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Butternut squash muffins are muffins with mashed butternut squash added to the batter. Though not very popular in most restaurants, these flavorful, autumn-harvest muffins can be a nutritious treat for the home baker. Muffin batter flavors for butternut squash muffins may be anything from vanilla and cinnamon to orange. Home bakers may also add extra ingredients to butternut squash muffins to add flavor and extra nutritional value.
Almost all butternut squash muffins start with mashed butternut squash. Grocery stores may sell commercial versions of this ingredient right next to the canned pumpkin. Specialty and organic stores may also sell butternut squash butters and pie mixes. These may give butternut squash muffins an instantly delicious flavor because many of them already have spices and sugar mixed into them.
Another option involves making mashed butternut squash at home. This is usually a simple matter of peeling the squash, slicing it from top to bottom and removing the seeds. The flesh is then usually cubed and simmered in water over medium heat until it can be mashed easily with a spoon or other utensil. A vegetable peeler often works well for removing the rind, but some cooks may prefer large, claw-like peelers specifically designed for peeling winter squash. These peelers are usually available in kitchen specialty stores.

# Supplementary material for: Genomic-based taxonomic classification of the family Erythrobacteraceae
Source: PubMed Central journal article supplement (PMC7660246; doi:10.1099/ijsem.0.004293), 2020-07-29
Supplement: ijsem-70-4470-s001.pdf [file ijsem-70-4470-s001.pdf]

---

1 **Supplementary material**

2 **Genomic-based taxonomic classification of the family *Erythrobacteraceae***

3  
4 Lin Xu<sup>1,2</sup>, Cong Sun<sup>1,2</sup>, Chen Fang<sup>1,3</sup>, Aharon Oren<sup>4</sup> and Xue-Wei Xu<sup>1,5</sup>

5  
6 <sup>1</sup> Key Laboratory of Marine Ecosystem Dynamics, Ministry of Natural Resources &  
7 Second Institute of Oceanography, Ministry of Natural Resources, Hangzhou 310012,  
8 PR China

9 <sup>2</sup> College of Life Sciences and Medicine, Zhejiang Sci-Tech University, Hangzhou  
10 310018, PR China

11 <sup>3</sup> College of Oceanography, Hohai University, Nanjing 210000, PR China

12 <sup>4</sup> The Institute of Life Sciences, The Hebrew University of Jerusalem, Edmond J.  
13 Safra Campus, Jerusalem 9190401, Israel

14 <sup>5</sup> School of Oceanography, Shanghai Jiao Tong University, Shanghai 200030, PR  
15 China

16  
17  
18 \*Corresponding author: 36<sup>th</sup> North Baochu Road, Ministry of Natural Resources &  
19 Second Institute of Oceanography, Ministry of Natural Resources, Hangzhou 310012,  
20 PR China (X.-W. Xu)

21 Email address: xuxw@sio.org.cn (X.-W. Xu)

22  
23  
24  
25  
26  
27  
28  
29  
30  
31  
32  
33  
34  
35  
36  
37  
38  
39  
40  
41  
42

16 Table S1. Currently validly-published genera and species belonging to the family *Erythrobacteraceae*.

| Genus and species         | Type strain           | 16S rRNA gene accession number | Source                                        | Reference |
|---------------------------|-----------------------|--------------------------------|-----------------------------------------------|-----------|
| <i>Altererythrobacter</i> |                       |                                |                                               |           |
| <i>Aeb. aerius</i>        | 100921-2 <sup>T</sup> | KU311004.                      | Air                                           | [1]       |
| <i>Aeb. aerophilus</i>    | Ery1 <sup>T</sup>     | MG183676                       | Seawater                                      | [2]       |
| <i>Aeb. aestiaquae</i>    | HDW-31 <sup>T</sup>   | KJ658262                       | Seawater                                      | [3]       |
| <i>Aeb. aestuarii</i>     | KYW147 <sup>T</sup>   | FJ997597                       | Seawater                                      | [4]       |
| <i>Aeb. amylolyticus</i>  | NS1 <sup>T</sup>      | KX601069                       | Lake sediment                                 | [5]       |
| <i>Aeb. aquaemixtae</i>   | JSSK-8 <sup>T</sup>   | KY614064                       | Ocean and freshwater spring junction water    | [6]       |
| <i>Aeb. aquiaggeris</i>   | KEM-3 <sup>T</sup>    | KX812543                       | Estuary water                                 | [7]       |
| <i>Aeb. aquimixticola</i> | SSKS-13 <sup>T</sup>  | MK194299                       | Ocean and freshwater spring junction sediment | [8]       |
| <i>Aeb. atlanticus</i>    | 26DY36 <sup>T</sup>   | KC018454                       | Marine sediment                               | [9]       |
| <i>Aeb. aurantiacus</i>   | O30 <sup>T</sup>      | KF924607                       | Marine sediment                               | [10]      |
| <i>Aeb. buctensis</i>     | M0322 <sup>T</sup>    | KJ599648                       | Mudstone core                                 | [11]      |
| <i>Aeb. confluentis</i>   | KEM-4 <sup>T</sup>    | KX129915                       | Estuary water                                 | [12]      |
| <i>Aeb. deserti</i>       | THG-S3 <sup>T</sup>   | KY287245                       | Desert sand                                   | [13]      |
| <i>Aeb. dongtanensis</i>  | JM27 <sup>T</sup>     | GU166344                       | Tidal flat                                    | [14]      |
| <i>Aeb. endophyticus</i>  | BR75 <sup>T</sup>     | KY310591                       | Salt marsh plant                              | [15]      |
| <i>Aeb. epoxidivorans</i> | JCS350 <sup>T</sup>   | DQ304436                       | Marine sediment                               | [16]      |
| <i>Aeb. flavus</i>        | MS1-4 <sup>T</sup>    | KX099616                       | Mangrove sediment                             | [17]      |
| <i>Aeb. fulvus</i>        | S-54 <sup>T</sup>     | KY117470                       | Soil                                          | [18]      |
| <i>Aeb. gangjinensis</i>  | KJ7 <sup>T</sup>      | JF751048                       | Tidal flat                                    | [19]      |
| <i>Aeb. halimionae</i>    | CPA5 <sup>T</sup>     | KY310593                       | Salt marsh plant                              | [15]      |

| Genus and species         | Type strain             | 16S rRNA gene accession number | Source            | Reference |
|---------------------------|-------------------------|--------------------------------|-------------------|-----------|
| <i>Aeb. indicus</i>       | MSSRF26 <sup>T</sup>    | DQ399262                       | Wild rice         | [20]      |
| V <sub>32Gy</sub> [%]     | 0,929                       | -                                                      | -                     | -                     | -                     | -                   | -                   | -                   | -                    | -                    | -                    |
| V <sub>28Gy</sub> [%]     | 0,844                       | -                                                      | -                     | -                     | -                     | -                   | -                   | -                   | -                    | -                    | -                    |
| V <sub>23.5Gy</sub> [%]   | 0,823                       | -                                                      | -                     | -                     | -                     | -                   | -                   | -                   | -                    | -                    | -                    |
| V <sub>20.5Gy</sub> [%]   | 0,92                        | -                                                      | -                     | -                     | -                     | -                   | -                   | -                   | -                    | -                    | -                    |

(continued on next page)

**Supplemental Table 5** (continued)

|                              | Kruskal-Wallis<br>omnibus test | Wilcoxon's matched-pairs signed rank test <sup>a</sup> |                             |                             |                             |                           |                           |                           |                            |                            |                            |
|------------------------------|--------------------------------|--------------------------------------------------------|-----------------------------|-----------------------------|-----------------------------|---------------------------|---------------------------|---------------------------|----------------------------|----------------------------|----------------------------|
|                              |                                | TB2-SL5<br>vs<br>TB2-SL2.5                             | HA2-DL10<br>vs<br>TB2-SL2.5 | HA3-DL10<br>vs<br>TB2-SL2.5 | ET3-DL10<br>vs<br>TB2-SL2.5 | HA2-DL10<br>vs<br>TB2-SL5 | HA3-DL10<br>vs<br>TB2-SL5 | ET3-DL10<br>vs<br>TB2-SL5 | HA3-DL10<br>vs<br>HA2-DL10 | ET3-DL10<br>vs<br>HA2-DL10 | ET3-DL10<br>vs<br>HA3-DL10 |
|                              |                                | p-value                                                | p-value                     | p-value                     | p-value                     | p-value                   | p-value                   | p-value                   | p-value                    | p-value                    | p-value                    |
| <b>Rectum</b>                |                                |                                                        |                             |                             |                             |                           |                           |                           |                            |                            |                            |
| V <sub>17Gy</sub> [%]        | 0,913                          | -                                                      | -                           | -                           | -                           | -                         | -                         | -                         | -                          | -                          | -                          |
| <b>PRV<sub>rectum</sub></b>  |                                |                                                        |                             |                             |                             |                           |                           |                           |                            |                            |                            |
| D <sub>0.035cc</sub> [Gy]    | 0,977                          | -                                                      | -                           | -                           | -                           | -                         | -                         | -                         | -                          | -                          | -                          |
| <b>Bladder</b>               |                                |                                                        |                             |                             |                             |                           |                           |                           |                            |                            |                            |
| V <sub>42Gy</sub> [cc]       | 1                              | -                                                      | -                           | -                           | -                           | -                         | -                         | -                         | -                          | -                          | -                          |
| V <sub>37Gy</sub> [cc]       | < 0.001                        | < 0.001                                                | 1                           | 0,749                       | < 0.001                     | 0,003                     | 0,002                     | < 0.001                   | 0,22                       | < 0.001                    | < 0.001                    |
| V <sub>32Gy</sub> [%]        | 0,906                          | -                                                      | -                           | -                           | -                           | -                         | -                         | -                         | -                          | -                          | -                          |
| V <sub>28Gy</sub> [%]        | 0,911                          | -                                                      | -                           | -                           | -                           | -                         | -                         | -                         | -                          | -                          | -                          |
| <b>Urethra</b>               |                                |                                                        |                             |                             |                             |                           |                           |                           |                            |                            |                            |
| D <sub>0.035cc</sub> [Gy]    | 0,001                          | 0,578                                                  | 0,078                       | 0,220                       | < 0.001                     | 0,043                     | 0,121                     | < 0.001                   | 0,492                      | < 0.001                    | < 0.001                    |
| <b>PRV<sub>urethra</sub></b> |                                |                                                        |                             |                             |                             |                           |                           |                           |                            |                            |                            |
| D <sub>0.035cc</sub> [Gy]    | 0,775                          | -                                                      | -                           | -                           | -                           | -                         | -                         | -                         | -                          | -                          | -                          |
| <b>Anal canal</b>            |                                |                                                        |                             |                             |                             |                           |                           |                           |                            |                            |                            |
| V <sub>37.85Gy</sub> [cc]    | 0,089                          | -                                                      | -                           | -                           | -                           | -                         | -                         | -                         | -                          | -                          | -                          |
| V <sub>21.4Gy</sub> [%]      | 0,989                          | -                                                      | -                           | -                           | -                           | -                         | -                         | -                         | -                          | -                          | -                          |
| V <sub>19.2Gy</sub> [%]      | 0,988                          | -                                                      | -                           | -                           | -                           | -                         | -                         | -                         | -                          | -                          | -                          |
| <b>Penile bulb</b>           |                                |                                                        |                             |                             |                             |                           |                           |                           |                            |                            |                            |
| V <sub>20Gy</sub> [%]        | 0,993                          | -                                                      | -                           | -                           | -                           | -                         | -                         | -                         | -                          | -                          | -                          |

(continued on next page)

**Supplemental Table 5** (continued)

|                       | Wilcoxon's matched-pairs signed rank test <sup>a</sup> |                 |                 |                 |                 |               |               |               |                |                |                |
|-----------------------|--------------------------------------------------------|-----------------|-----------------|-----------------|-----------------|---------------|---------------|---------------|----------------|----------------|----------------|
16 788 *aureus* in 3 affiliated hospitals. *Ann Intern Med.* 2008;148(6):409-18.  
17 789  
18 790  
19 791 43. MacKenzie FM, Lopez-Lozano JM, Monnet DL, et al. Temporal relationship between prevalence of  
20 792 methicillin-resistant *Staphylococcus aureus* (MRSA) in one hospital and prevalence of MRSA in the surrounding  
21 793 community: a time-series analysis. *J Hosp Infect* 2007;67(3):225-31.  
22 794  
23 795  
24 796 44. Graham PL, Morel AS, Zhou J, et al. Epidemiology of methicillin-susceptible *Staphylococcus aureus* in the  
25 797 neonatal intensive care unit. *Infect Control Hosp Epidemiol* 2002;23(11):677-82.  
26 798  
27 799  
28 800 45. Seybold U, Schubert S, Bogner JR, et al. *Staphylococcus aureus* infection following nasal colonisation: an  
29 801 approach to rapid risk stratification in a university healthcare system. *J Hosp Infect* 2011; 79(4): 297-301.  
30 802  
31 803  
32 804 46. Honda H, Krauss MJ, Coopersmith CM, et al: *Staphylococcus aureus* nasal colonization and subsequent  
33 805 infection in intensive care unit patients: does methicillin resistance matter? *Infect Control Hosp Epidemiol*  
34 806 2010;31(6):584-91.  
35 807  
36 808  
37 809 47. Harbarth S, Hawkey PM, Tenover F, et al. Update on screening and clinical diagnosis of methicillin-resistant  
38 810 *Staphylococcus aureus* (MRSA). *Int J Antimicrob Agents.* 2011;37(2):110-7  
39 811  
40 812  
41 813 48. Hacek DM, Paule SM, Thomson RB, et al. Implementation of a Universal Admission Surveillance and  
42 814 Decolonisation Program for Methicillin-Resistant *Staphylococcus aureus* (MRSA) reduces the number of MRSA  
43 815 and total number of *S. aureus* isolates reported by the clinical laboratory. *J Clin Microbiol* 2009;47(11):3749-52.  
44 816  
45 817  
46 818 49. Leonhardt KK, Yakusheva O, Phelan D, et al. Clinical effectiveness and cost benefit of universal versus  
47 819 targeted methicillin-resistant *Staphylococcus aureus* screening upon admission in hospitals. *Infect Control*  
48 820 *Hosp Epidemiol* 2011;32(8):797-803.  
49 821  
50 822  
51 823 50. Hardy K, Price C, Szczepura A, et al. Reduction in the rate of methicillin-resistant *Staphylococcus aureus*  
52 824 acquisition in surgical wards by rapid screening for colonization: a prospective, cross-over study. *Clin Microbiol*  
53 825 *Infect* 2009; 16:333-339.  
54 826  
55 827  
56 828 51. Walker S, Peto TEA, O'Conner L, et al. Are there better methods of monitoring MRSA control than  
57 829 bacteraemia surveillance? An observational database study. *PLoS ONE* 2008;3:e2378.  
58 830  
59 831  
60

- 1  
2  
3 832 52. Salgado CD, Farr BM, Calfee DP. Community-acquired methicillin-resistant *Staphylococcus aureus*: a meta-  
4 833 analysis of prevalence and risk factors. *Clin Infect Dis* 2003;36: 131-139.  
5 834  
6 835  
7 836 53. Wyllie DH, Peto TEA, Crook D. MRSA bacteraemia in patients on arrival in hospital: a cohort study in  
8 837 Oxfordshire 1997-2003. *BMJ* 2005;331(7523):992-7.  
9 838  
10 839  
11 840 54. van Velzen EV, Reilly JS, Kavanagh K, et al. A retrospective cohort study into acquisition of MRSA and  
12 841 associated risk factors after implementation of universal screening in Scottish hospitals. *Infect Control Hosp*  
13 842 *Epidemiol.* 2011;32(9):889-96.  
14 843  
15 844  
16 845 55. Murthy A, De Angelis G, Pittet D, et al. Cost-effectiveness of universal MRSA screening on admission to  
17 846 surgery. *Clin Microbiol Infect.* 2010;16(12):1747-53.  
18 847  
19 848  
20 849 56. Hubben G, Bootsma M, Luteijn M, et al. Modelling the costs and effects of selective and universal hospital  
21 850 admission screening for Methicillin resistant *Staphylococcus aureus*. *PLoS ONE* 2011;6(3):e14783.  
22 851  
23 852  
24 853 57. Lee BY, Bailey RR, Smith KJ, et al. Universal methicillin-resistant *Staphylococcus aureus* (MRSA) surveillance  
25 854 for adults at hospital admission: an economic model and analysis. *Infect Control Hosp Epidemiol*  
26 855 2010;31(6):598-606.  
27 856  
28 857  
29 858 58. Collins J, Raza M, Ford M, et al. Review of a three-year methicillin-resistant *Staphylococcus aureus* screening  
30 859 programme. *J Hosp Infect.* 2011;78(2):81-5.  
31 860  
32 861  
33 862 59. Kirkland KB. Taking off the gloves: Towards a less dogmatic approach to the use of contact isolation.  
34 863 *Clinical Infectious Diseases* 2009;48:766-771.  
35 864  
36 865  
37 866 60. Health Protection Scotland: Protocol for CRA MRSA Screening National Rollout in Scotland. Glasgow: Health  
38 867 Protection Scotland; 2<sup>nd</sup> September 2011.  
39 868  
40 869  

Once softened, home bakers should drain the squash cubes and return them to the hot pan. This helps any excess water evaporate and often keeps the mashed mixture from becoming runny. Some cooks like to push the squash through a food mill or ricer, while others simply stir it with a fork or potato masher until it becomes a thick, dense paste. At this point, the squash should be ready to go into butternut squash muffins.
Many health-conscious bakers like butternut squash muffins because the moisture from the squash allows them to leave out some, or all, of the butter usually necessary for baking. The mashed mixture typically gives the muffins a dense, pleasant texture that eliminates the need for extra ingredients. Cooks should use their discretion when mixing batter, though. If it doesn’t seem thick enough, an extra spoonful of squash or a few cubes of butter could be just what it needs.
Appropriate spices and additions to butternut squash muffins are usually quite varied. Harvest muffins might include sliced apples and pears, cranberries, figs, or dates. Cornmeal might replace much of the flour for a slightly crunchy muffin. A drizzle of caramel frosting on the top often brings out the sweet flavor of the squash, while a sprinkling of powdered sugar adds just a dash of extra sweetness.
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